I have a lip problem.

Discussion in 'Trumpet Discussion' started by MaynardTrumpet, May 25, 2008.

  1. MaynardTrumpet

    MaynardTrumpet Pianissimo User

    56
    0
    May 25, 2008
    Okay hey everyone, that's at first. Throughout all of my time playing the Trumpet in my symphonic band at my high school, I was only required to jump to a high C on top of staff, as concert music asks a standard player to go that high. Now that I'm in my Jazz Band class, I realized that in order for me to play high, I need to keep my lips dry, that way they are more powerful.

    We're playing chameleon right now by Maynard, and I can pop out the G over high C pretty fine if my lips are dry. But thing is, after I do some articulation, some of my spit sometimes touches my lips, thus making them wetish. Right away after that one slight thing, I don't have my full range.

    If I play for more than 20 minutes with wet lips, my range will probably be up to a high C. Oh and I try wiping the spit of my lips, but its the fact that after a little while the lips aren't as powerful anymore. They really do become wet and more..How should I say... Soft?

    Can anyone help please :{?
     
  2. Trumpet guy

    Trumpet guy Forte User

    1,035
    4
    Feb 9, 2008
    California
    I think Maynard played dry lip as well. In some of the videos I've seen he was wiping his mouth and mouthpiece, like, every time he had rests.
     
  3. screamingmorris

    screamingmorris Mezzo Forte User

    808
    18
    Apr 4, 2007
    Maynard Ferguson was a big believer in the teachings of Donald Reinhardt, so much so that MF gave Reinhardt a blank check to teach MF's son.

    See what Reinhardt said at the heading "Play on a Wet Embouchure" about 2/3 of the way down the long Web page at
    An Introduction to Donald S. Reinhardt's Pivot System

    For *most* people Reinhardt prescribed a wet embouchure:

    "Although many fine players do play on a dry embouchure, and in many cases Reinhardt would actually prescribe students to play dry, a wet embouchure should be adopted whenever the player's development and musical demands permit. In the Pivot System the embouchure is to be saturated with saliva in a three-part process..."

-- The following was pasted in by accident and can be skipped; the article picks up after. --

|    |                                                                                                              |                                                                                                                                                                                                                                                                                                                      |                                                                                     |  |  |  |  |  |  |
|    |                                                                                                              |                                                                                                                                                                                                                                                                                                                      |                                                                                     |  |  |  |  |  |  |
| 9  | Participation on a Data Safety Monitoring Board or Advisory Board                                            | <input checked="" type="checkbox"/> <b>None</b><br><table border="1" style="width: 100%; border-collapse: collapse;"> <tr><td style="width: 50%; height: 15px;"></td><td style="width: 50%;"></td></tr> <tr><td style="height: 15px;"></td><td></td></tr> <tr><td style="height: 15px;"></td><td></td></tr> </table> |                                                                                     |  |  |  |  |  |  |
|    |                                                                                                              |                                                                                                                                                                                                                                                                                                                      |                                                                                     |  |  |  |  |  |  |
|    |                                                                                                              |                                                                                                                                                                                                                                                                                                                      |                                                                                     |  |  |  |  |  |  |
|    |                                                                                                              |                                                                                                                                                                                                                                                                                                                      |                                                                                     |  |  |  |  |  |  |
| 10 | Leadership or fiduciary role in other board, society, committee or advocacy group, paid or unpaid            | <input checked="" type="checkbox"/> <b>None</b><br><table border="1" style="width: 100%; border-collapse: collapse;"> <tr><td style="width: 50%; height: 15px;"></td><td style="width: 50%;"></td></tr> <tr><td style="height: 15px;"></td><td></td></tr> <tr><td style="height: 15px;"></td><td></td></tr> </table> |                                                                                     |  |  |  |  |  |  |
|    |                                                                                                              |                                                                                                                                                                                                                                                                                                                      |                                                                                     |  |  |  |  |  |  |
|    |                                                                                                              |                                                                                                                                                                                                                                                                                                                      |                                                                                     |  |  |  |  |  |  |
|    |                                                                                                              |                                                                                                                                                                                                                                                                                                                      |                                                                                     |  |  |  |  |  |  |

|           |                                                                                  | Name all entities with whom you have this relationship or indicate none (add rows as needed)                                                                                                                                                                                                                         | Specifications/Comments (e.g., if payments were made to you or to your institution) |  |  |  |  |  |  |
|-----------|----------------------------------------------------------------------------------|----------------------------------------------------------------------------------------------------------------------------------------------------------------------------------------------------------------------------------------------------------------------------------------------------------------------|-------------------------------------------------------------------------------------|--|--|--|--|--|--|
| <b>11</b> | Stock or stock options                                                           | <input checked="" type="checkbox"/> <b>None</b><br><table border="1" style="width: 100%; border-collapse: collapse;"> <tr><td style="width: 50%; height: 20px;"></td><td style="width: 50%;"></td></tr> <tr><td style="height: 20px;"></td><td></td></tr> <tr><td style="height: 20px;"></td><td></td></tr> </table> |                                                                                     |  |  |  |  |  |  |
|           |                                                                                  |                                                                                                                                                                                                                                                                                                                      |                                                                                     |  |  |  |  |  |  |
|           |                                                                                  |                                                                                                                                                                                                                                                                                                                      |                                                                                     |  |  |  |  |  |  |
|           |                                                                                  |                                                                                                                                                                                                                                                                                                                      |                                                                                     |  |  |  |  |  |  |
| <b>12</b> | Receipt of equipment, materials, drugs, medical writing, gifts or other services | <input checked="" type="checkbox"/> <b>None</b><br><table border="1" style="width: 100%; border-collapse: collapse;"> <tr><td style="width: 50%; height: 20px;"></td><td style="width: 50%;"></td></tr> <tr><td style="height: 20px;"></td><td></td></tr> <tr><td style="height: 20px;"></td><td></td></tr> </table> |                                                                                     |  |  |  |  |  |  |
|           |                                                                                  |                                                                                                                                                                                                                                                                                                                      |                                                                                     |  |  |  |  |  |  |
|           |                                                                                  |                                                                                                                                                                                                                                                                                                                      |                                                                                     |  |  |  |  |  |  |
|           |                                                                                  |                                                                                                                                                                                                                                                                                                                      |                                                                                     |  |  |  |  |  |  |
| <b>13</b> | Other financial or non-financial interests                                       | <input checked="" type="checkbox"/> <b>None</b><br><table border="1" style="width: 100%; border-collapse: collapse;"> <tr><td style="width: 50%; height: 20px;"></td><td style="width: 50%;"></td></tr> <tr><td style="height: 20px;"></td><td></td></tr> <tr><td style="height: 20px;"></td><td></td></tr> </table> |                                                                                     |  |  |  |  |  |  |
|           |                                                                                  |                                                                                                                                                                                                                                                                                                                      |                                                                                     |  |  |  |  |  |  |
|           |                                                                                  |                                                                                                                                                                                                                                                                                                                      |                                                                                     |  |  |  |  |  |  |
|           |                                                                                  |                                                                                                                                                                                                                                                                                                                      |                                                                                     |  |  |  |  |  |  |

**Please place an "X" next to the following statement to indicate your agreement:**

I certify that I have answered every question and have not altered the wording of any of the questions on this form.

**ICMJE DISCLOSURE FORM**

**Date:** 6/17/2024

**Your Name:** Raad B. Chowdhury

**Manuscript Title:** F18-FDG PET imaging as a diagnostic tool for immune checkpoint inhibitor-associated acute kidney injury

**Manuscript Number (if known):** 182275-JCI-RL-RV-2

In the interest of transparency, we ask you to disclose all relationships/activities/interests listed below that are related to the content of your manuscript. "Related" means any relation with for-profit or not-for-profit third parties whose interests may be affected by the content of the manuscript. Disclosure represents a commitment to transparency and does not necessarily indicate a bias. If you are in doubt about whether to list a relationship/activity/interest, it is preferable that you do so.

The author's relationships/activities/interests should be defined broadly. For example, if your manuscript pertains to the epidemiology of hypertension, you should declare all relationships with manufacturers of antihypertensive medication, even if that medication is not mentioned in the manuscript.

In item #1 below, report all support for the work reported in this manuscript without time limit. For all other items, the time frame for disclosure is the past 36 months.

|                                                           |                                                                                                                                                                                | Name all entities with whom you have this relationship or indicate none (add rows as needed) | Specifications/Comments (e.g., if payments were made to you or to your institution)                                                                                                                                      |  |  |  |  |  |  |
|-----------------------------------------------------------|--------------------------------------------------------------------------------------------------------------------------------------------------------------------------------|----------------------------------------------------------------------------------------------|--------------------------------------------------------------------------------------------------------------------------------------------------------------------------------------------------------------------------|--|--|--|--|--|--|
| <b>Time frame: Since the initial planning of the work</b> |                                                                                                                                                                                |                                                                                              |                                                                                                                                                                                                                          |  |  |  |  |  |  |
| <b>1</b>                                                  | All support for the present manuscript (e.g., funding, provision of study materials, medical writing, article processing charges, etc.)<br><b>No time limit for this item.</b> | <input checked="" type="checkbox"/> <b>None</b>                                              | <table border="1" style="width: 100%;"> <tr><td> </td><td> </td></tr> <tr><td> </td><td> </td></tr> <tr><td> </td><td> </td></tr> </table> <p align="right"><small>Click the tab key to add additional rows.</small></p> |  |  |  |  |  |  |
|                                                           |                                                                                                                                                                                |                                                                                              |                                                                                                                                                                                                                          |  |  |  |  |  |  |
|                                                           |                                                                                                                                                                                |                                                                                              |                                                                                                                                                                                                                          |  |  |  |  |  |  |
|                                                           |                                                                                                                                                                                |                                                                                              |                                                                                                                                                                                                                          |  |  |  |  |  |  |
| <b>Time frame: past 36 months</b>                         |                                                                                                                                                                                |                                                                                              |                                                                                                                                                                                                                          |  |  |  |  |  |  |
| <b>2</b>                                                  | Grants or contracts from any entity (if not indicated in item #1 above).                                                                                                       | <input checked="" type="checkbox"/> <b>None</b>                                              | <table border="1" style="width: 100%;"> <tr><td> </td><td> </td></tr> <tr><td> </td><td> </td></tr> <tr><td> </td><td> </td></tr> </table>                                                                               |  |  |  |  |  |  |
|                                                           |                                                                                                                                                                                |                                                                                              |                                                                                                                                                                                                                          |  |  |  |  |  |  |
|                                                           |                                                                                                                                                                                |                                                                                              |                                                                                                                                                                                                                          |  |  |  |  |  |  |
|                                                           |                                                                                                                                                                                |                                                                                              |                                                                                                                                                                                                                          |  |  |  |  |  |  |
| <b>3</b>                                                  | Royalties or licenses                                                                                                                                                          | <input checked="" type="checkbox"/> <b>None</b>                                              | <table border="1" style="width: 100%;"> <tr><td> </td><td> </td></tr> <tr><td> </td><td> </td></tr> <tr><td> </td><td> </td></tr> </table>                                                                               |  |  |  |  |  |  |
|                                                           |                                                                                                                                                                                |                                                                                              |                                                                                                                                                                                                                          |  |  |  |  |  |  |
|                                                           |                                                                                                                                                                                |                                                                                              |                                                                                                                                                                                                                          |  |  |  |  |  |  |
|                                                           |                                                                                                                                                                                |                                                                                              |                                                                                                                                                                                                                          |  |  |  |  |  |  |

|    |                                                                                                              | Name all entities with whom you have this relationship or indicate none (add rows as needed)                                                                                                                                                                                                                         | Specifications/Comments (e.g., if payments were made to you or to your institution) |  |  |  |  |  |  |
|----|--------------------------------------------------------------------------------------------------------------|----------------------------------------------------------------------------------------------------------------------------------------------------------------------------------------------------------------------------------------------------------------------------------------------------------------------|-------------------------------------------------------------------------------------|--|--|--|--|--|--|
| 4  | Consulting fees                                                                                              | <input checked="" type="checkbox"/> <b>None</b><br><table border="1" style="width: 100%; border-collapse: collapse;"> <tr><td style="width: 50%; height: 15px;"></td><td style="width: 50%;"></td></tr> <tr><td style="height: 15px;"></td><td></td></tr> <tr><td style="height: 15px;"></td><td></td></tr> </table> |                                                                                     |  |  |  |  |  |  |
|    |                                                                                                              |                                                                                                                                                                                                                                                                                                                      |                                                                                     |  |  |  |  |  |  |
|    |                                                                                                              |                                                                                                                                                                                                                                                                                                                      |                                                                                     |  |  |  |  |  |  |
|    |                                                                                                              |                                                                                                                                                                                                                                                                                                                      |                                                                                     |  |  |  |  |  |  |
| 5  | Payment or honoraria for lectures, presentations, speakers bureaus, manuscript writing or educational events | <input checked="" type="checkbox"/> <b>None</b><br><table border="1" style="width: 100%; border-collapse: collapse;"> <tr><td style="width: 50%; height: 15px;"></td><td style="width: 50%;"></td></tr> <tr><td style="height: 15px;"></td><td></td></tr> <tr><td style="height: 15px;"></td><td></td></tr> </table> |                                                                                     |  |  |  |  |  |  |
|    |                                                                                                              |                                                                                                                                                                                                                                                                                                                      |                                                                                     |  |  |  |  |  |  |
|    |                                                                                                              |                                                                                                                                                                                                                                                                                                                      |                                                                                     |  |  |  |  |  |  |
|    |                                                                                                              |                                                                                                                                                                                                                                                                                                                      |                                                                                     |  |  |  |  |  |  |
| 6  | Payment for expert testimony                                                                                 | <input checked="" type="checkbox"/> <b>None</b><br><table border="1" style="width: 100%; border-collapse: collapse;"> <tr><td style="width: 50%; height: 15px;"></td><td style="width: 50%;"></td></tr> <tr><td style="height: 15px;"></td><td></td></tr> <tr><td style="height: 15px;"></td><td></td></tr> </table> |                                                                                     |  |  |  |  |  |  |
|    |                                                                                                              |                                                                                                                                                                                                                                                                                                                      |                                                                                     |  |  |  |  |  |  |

I suspect that you are using a dry embouchure to compensate for a weak embouchure, pinning the muscles into place with the mouthpiece.
    It is better to strengthen the embouchure so that the muscles are able to maintain their position without being pinned down by the mouthpiece.

    As for "soft" lips, it is probably either swollen lips from too much mouthpiece pressure, or it is fatigue causing the embouchure to give out, or both.
    Use minimum mouthpiece pressure, do exercises to strengthen the embouchure, and give your embouchure frequent rests.

    "Minimum" mouthpiece pressure does not mean "no" mouthpiece pressure. Using too little mouthpiece pressure produces too thin a tone.
    While too much mouthpiece pressure cuts off circulation in the lips and prevents proper embouchure development.

    BTW, since Maynard Ferguson was a big believer in Reinhardt's teachings, look at the heading "Reinhardt's Embouchure Types" halfway doen that long Web page at
    An Introduction to Donald S. Reinhardt's Pivot System
    and tell us what embouchure type you are.